After 18 months of Covid-19, incoherent, slow-moving responses to high mortality rates have called into question the legitimacy of governing institutions in many countries, notably but not solely democracies, according to a recent report.
As the crisis and associated mistakes have been shared across borders amid great scientific and social-scientific uncertainties, poor responses to the pandemic have not produced clear or consistent political consequences. But in those countries where expectations were unmet and doubts engendered, damage has been done to long-term popular support for or belief in political processes and institutions, national and international, making them more vulnerable to future shocks, disorder and alienation. Institutions, already weak, have been further weakened, say the authors of Our Global Condition, an assessment by the Global Commission for Post-Pandemic Policy:
The long-term impact of this is unpredictable; but it is clear that major efforts to rebuild the
conditions for societal trust and public faith in political processes and institutions is essential
to make them and democracy itself more resilient to future shocks and to reduce the danger
of an institutional collapse itself generating new, broader crises with wide ramifications….. The currently planned half-decade (and hoped-for decade) of renewed public investment in advanced economies provides the chance for a reshaping of the role of the State in pluralist market democracies, for accelerating the transition from fossil fuels and for reducing the inequality of incomes and security that erodes solidarity, trust and legitimacy.
The social, political, and economic stresses introduced by a pandemic foster attitudes and behaviors that undermine social solidarity, notes former Economist editor Bill Emmott, a co-director/rapporteur of the Commission, with Berel Rodal. In countries and political systems where trust in institutions and the authority of expertise has been undermined by the legacy of the 2008 financial crisis and the growth of social media, coping with new crises remains an uphill struggle, he writes for Project Syndicate:
…. the trust and legitimacy crisis in the West needs to be taken more seriously. Western democracies’ increased vulnerability to extremist politics poses a danger not only to those countries but also to global stability and security. Here, the most urgent tasks are to update democratic rules and institutions for the twenty-first century; regulate social media to make those platforms more responsible; rekindle citizenship through new forms of participation; and expand investments to ensure greater equality of treatment and opportunity.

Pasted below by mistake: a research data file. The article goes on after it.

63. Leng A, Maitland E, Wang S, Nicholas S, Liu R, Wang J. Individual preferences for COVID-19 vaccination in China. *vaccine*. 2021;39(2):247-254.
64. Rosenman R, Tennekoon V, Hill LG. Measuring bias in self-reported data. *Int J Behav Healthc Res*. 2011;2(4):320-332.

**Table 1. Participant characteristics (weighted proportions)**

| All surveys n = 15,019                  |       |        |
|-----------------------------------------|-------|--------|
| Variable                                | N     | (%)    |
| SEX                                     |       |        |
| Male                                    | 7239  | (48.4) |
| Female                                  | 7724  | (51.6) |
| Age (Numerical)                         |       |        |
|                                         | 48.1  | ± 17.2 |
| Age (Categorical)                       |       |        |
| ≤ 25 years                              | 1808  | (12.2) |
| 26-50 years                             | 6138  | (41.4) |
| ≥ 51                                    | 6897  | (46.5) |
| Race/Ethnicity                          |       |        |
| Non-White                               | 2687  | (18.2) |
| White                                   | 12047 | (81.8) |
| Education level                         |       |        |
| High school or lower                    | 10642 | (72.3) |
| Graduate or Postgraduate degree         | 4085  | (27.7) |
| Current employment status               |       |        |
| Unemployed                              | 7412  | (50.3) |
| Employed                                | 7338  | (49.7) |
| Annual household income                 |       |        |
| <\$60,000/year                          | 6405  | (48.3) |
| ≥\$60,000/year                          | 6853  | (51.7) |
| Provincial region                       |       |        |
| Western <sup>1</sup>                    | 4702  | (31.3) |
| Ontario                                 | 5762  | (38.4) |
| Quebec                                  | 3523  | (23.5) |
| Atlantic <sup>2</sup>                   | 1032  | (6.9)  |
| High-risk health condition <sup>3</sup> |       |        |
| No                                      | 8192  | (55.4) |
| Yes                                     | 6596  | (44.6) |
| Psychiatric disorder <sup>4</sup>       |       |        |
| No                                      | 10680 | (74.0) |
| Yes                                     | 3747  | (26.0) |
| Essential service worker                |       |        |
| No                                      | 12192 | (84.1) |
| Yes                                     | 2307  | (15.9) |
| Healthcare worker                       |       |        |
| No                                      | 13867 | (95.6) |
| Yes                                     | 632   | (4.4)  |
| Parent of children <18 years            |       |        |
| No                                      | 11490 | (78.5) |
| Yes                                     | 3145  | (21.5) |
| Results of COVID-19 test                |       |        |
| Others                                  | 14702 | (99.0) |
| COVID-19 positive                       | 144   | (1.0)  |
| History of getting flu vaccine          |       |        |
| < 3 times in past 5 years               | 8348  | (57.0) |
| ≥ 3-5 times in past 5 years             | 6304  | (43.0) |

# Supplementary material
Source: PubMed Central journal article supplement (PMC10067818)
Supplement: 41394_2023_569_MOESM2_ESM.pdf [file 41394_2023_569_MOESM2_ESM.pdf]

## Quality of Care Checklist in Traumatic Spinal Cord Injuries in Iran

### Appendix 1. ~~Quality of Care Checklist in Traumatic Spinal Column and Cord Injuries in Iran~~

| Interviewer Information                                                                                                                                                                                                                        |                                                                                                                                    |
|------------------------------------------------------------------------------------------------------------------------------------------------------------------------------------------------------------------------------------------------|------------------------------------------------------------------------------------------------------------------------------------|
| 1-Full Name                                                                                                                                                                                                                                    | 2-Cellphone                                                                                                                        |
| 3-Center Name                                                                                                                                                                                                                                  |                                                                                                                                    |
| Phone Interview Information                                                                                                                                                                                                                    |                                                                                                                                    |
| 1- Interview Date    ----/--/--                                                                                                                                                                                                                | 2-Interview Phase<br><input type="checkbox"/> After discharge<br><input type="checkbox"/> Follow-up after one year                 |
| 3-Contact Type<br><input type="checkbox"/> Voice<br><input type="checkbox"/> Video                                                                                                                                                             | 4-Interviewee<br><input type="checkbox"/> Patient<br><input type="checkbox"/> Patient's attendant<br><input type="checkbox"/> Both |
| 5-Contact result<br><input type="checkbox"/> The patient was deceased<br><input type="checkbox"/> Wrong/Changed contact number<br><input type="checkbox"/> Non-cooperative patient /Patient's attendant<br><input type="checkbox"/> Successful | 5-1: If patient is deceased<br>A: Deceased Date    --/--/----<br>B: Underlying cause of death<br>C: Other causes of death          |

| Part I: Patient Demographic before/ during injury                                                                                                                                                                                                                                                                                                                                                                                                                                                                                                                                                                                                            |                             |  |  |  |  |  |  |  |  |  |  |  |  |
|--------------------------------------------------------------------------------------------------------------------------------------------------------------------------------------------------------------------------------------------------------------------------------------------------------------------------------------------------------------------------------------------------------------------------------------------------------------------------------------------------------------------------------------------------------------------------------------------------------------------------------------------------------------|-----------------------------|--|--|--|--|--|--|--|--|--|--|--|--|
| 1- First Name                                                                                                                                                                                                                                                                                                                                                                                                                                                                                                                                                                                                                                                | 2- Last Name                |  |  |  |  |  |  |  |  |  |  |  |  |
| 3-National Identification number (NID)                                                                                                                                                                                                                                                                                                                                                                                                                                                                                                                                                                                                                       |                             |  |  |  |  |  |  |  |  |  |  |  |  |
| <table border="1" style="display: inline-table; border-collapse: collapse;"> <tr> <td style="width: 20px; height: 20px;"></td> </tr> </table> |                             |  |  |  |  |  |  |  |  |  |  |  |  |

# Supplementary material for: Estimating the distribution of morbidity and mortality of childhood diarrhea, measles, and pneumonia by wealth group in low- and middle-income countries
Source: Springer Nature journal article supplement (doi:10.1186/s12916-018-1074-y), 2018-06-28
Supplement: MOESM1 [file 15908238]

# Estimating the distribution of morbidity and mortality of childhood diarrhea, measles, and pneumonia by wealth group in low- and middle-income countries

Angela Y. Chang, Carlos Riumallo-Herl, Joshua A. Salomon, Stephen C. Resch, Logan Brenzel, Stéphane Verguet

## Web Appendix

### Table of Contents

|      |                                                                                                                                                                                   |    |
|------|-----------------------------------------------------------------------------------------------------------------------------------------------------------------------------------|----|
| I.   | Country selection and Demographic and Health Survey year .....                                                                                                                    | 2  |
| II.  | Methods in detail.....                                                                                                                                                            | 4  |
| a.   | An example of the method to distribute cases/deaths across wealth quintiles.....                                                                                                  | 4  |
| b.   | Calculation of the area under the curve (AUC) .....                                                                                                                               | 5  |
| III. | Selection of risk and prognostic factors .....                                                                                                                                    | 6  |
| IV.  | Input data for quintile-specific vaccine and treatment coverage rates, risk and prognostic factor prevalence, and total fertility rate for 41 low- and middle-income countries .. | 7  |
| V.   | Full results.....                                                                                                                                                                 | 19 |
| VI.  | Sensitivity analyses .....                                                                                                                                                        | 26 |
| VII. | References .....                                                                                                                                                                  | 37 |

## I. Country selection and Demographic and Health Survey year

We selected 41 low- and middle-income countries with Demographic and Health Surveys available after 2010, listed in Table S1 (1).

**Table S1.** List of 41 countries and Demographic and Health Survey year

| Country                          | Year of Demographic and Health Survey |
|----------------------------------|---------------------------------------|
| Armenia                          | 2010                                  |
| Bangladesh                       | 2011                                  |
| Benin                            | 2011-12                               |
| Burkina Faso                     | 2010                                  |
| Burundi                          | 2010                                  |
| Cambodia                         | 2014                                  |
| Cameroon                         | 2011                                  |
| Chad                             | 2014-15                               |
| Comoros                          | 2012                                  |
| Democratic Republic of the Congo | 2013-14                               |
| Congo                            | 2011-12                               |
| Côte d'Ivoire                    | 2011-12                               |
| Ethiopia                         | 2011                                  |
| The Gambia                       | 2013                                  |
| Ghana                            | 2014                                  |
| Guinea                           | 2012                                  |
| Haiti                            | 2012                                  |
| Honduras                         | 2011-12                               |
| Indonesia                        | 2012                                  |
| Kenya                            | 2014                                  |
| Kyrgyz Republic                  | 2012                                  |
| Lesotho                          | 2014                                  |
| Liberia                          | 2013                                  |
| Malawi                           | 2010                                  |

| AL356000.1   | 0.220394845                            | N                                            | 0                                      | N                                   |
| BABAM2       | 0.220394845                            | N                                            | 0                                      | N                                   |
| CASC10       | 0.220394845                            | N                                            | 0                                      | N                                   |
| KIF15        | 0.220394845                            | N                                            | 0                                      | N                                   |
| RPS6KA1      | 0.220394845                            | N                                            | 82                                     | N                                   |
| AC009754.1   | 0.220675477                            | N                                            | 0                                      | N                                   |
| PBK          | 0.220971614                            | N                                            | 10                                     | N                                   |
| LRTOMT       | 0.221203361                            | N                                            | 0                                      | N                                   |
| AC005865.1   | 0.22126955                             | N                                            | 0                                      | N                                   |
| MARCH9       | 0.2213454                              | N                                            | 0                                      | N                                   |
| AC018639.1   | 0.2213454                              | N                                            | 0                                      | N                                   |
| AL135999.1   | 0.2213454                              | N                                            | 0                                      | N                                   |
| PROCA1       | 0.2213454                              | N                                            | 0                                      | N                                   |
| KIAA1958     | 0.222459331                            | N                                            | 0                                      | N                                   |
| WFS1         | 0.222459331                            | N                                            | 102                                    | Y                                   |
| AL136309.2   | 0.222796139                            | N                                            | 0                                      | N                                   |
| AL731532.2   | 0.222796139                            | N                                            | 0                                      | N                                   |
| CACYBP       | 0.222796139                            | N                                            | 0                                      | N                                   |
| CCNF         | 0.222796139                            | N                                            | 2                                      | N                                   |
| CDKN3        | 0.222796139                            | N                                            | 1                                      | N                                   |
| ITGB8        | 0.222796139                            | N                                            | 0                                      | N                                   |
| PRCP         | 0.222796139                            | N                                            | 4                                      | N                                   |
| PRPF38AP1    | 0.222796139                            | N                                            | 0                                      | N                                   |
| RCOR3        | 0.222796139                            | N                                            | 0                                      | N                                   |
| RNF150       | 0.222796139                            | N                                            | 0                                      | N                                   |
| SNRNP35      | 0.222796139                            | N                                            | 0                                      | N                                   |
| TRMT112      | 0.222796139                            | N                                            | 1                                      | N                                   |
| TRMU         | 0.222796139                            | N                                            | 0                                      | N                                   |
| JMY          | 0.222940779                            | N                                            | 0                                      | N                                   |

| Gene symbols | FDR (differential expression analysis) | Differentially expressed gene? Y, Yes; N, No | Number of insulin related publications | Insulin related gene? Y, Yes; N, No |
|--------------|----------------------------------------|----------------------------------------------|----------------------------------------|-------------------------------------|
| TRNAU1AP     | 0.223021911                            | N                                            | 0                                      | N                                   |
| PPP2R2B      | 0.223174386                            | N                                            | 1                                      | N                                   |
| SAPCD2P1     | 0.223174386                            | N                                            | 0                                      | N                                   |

An important pre-condition for democratic resilience is the state’s ability to respond to citizens’ needs, according to a report from the Club de Madrid – Democracy and Emergencies: Lessons from the COVID-19 pandemic for democratic resilience. Learning from a pandemic that has affected the health and economic well-being of so many citizens, governments must renew their commitment to inclusive social development, it contends, offering twenty recommendations for government leaders, public institutions and civil society.
The dangerous effects of ‘fake news’, the currency of misinformation and conspiracy, of truth decay, make effective communication essential for effective governance, and call for serious thought and action regarding education, adds the report of the Global Commission, an independent, global, inter-disciplinary, non-partisan group of policy-makers, scholars, scientists, strategists and others:
In more immediate and policy terms, this indicates the pressing need for strengthened regulation and other adaptive measures to treat extreme levels of concentration of ownership of media and social media platforms and to give those platforms greater legal responsibility for the content they distribute. Such concentration amid limited responsibility presents severe problems for building trust, exacerbates power imbalances and erodes the basis – an informed citizenry – on which democratic or broad public-interest values are fostered. RTWT
Amid critical challenges to democracy over the course of the COVID-19 pandemic, the recent Summit for Democracy highlighted key strategies with which stakeholders can bolster democratic resilience, notes Pandemic Ploys, a newsletter from the National Endowment for Democracy’s International Forum:
- Many low-income countries lack the capacity to distribute donated vaccine doses, creating another obstacle in the effort to rapidly and equitably allocate vaccines around the world.
- Recent reports by CEPA and CSIS ChinaPower analyze Beijing’s effort to improve perceptions of China and dispel criticism of the country’s response to the pandemic.
Fascinating and important study on role of trust in COVID-19 performance in seven democracies https://t.co/rQToSu8OLE
— Global Commission for Post-Pandemic Policy (GCPPP) (@GCPPPorg) September 11, 2021